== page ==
Gender Differences in Responses to Emotional Advertising: the Effect of the Presence of Others

Robert J. Fisher, University of Western Ontario
Laurette Dube, McGill University
ABSTRACT - The research examines how the real or imagined presence of others in the viewing environment differentially affect males’ and females’ responses to emotional advertising. Based on gender theory, the research predicts and finds that females’ responses to ads that contain high-agency (e.g., happiness, excitement) or low-agency (e.g., sentimentality, warmth) emotions are not influenced by social context effects. In contrast, the presence of another person in the viewing environment affects male responses only when the emotional appeal is incongruent with gender stereotypes. Under private viewing conditions, when gender stereotypes are less salient, males’ self-reported pleasure and Aad are not significantly different from females’ responses. Implications for advertising research and media planning are discussed.
[ to cite ]:
Robert J. Fisher and Laurette Dube (2003) ,"Gender Differences in Responses to Emotional Advertising: the Effect of the Presence of Others", in NA - Advances in Consumer Research Volume 30, eds. Punam Anand Keller and Dennis W. Rook, Valdosta, GA : Association for Consumer Research, Pages: 15-17.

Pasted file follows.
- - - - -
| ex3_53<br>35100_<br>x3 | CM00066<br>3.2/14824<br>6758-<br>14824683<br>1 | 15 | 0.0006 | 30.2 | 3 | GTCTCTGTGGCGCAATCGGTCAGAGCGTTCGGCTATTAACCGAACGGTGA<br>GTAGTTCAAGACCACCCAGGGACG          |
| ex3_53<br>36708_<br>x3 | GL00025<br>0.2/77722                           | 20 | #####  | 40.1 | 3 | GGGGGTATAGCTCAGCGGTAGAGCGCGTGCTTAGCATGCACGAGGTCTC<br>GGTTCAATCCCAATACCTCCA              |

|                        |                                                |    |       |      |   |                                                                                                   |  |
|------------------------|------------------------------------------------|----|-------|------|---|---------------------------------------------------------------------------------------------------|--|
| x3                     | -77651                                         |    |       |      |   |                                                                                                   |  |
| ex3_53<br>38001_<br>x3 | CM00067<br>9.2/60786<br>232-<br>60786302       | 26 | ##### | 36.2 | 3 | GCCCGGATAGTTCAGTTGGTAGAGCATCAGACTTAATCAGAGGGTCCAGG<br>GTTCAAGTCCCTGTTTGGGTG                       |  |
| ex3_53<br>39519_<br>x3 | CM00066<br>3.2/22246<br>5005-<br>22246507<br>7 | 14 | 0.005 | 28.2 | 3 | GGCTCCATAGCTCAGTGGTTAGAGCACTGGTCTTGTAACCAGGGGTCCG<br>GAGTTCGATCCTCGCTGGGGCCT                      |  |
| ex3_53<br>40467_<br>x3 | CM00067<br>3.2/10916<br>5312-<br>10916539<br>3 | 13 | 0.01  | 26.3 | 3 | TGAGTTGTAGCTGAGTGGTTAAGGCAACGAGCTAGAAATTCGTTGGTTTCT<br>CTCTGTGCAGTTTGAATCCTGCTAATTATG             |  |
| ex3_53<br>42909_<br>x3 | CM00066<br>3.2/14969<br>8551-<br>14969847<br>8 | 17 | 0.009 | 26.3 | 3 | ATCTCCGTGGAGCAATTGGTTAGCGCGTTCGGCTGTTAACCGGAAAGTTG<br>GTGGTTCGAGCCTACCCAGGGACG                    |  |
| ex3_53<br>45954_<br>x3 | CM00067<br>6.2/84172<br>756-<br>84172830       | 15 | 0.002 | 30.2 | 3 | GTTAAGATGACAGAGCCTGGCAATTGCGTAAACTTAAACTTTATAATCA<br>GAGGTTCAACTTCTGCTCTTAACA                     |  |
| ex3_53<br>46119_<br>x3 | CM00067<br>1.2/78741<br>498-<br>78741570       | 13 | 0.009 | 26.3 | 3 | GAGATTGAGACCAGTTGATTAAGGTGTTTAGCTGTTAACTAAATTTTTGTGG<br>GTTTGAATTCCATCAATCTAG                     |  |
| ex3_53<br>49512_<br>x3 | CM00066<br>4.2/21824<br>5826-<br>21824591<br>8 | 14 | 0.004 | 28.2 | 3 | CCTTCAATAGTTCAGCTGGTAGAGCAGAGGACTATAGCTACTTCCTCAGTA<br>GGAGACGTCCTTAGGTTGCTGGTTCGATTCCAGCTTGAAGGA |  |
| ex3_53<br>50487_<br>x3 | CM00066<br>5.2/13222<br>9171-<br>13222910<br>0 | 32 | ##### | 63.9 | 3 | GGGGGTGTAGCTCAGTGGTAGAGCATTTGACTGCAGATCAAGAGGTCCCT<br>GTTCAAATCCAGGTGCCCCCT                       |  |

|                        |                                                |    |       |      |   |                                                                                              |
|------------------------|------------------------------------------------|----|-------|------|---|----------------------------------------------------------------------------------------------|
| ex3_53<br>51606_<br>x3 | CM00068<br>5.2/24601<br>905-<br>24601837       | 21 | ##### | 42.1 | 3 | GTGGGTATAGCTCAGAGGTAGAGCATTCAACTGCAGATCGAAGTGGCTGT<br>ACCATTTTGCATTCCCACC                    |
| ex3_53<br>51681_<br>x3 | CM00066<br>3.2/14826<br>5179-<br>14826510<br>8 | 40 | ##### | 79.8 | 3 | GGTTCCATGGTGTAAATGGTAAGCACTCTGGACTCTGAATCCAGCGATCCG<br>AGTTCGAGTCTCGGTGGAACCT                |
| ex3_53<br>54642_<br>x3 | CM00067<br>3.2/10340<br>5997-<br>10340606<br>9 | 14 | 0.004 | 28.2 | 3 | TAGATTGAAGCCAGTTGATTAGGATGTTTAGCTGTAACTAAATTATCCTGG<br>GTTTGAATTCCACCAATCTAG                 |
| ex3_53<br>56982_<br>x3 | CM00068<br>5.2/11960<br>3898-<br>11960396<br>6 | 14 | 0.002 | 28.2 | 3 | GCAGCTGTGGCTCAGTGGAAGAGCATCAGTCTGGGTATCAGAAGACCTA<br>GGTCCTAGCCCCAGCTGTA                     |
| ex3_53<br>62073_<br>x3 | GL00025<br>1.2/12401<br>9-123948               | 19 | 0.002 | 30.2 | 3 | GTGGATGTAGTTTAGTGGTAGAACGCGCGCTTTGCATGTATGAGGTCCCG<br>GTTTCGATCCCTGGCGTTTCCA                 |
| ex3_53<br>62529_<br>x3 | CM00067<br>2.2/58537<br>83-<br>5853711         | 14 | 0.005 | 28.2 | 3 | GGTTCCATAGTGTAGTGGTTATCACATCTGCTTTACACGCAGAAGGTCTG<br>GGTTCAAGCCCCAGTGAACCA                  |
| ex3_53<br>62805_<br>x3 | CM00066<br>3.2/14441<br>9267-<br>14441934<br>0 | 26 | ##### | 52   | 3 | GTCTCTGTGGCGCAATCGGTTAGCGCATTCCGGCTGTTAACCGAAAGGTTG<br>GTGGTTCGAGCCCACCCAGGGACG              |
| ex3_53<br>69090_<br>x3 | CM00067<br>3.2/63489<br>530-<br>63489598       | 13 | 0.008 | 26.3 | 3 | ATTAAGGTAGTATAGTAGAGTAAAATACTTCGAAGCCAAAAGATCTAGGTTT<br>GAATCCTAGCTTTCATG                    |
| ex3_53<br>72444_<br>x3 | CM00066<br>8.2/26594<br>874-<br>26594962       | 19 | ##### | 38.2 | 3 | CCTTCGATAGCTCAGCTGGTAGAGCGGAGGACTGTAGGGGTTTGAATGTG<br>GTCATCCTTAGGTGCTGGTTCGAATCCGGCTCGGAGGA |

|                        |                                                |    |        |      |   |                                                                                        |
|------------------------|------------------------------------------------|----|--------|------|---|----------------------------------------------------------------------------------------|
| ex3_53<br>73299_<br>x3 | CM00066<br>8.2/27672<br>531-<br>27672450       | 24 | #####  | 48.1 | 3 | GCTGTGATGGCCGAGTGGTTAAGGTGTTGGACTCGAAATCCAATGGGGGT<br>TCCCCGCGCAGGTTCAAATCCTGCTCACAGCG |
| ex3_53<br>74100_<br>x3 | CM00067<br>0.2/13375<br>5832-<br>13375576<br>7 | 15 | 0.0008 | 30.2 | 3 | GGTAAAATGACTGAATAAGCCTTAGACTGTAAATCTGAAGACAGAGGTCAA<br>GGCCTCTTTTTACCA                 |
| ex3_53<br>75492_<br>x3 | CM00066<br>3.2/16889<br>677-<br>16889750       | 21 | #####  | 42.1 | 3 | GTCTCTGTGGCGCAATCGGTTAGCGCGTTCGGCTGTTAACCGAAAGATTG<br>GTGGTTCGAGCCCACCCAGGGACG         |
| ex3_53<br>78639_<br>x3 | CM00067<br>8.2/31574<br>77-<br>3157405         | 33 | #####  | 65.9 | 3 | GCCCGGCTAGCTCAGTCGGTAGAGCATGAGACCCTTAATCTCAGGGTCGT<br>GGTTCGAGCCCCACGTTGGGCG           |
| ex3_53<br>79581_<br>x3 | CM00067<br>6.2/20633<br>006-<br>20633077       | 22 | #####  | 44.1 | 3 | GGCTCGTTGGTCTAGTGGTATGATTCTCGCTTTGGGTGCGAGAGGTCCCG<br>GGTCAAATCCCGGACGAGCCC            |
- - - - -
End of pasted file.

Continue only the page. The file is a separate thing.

Advances in Consumer Research Volume 30, 2003     Pages 15-17

GENDER DIFFERENCES IN RESPONSES TO EMOTIONAL ADVERTISING: THE EFFECT OF THE PRESENCE OF OTHERS

Robert J. Fisher, University of Western Ontario

Laurette Dube, McGill University

ABSTRACT -

The research examines how the real or imagined presence of others in the viewing environment differentially affect males’ and females’ responses to emotional advertising. Based on gender theory, the research predicts and finds that females’ responses to ads that contain high-agency (e.g., happiness, excitement) or low-agency (e.g., sentimentality, warmth) emotions are not influenced by social context effects. In contrast, the presence of another person in the viewing environment affects male responses only when the emotional appeal is incongruent with gender stereotypes. Under private viewing conditions, when gender stereotypes are less salient, males’ self-reported pleasure and Aad are not significantly different from females’ responses. Implications for advertising research and media planning are discussed.

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